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Chapter: Human Nervous System and Sensory Organs - Spinal Cord and Spinal Nerves

Spinal Cord Syndromes

Spinal Cord Syndromes
The anatomy of the spinal cord causes very specific patterns of functional deficiencies after injury; depending on the site of lesion, different pathways and therefore different functions are lost.

Spinal Cord Syndromes

The anatomy of the spinal cord causes very specific patterns of functional deficiencies after injury; depending on the site of lesion, different pathways and therefore different functions are lost.

Complete transection (A) cuts off all de-scending motor pathways, causing completeparalysis below the injured level. At thesame time, it interrupts all ascending path-ways, causing a complete loss of all sensa-tions. If the lesion is above the sacral spinalcord, it results in the loss of voluntary con-trol over urination and defecation. If the le-sion lies above the lumbar enlargement, both lower limbs are paralyzed (paraplegia), and if it lies above the cervical enlargement, both upper limbs are also paralyzed (tet- raplegia).


Hemisection of the spinal cord (B) results inthe Brown – Séquard’s syndrome. For example, hemisection on the left interrupts the lateral and anterior corticospinal tracts (B1) and results in left-sided paralysis. Transec-tion of the vasomotor pathway causes ipsi-lateral vasomotor paralysis. Transection of the posterior funiculi (B2) and the cerebel-lar lateral funiculi (B3) leads to severely im-paired deep sensibility (posture sensation).On the same side as the lesion, there is also hyperesthesia (touch is perceived as pain).This is thought to be caused by a loss of epicritic sensibility (posterior funiculi) with retention of the protopathic sensibility (crossing pathways of the anterior corti-cospinal tract ascend contralaterally) (B4). Finally, there is dissociated anesthesia on the intact right side from the lesion downward; while touch sensation is hardly impaired, pain and temperature sensations are lost (ipsilateral interruption of the crossing pathway of the anterior corticospinal tract) (B5). The anesthetic zone (B6) above the transection on the affected side is attributed to destruction of the posterior root entrance zone at the level of the spinal cord lesion.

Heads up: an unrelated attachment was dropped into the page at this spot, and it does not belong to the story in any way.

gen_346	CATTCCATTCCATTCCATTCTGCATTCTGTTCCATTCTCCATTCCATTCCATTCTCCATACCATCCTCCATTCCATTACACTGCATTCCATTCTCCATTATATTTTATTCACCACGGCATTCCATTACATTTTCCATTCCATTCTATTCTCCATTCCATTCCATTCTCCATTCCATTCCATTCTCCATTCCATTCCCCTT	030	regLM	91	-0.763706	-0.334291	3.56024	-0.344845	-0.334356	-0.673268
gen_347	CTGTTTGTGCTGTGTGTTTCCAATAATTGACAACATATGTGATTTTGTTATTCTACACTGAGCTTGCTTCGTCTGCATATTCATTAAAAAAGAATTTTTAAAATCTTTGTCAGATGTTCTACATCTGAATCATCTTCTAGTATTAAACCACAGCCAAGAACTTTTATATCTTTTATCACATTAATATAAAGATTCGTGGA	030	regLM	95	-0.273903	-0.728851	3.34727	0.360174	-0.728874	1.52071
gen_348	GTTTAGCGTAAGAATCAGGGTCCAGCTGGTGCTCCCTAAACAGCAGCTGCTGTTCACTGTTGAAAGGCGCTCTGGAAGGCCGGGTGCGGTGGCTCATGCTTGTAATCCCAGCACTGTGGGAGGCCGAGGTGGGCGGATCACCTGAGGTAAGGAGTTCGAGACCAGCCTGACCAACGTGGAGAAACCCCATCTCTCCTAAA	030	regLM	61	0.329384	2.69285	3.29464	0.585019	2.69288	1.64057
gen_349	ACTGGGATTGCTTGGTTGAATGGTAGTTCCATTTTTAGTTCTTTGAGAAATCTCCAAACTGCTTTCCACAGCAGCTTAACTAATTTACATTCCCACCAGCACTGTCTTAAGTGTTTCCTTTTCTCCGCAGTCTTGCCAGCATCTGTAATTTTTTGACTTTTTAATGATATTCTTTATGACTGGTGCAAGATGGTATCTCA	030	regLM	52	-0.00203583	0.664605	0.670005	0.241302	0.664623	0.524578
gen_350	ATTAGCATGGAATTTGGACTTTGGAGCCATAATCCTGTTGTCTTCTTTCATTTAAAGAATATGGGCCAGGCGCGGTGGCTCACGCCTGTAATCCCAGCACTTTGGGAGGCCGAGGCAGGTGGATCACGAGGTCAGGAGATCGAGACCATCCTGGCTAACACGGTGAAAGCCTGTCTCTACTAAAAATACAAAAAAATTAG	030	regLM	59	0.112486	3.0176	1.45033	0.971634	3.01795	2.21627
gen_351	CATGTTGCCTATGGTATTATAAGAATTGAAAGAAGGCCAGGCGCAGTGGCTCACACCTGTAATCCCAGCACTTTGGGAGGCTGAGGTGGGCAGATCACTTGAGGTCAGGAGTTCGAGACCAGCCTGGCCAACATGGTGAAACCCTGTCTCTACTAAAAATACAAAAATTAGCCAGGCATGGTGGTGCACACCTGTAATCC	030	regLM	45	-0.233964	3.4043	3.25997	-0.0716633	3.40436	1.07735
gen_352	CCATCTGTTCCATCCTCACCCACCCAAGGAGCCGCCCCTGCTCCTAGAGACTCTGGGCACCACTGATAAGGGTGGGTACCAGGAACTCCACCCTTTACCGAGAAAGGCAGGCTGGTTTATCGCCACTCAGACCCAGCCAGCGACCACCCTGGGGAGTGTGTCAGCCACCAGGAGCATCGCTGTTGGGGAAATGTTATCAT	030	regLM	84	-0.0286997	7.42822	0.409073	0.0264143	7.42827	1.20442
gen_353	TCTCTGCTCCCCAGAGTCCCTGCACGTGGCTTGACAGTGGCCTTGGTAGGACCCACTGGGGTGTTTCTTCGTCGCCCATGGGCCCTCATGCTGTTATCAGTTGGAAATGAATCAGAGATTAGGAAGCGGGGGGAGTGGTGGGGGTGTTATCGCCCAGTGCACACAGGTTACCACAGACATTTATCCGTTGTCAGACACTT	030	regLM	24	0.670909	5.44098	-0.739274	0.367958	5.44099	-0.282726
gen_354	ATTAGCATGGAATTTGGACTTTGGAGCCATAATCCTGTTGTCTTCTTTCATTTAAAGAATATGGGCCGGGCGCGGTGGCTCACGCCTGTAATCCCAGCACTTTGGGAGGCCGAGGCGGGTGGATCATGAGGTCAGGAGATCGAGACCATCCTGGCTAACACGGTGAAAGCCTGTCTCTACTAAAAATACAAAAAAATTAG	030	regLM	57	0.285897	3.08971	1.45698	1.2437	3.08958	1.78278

Central injury (C) to the gray substance ofthe spinal cord also causes dissociated anes-thesia at the corresponding levels. Theepicritic sensibility transmitted via the ipsi-lateral posterior funiculi (C2) is retained. However, pain and temperature sensations are lost (analgesia and thermoanesthesia), be-cause their fibers, which cross through the white commissure, are interrupted (C5).




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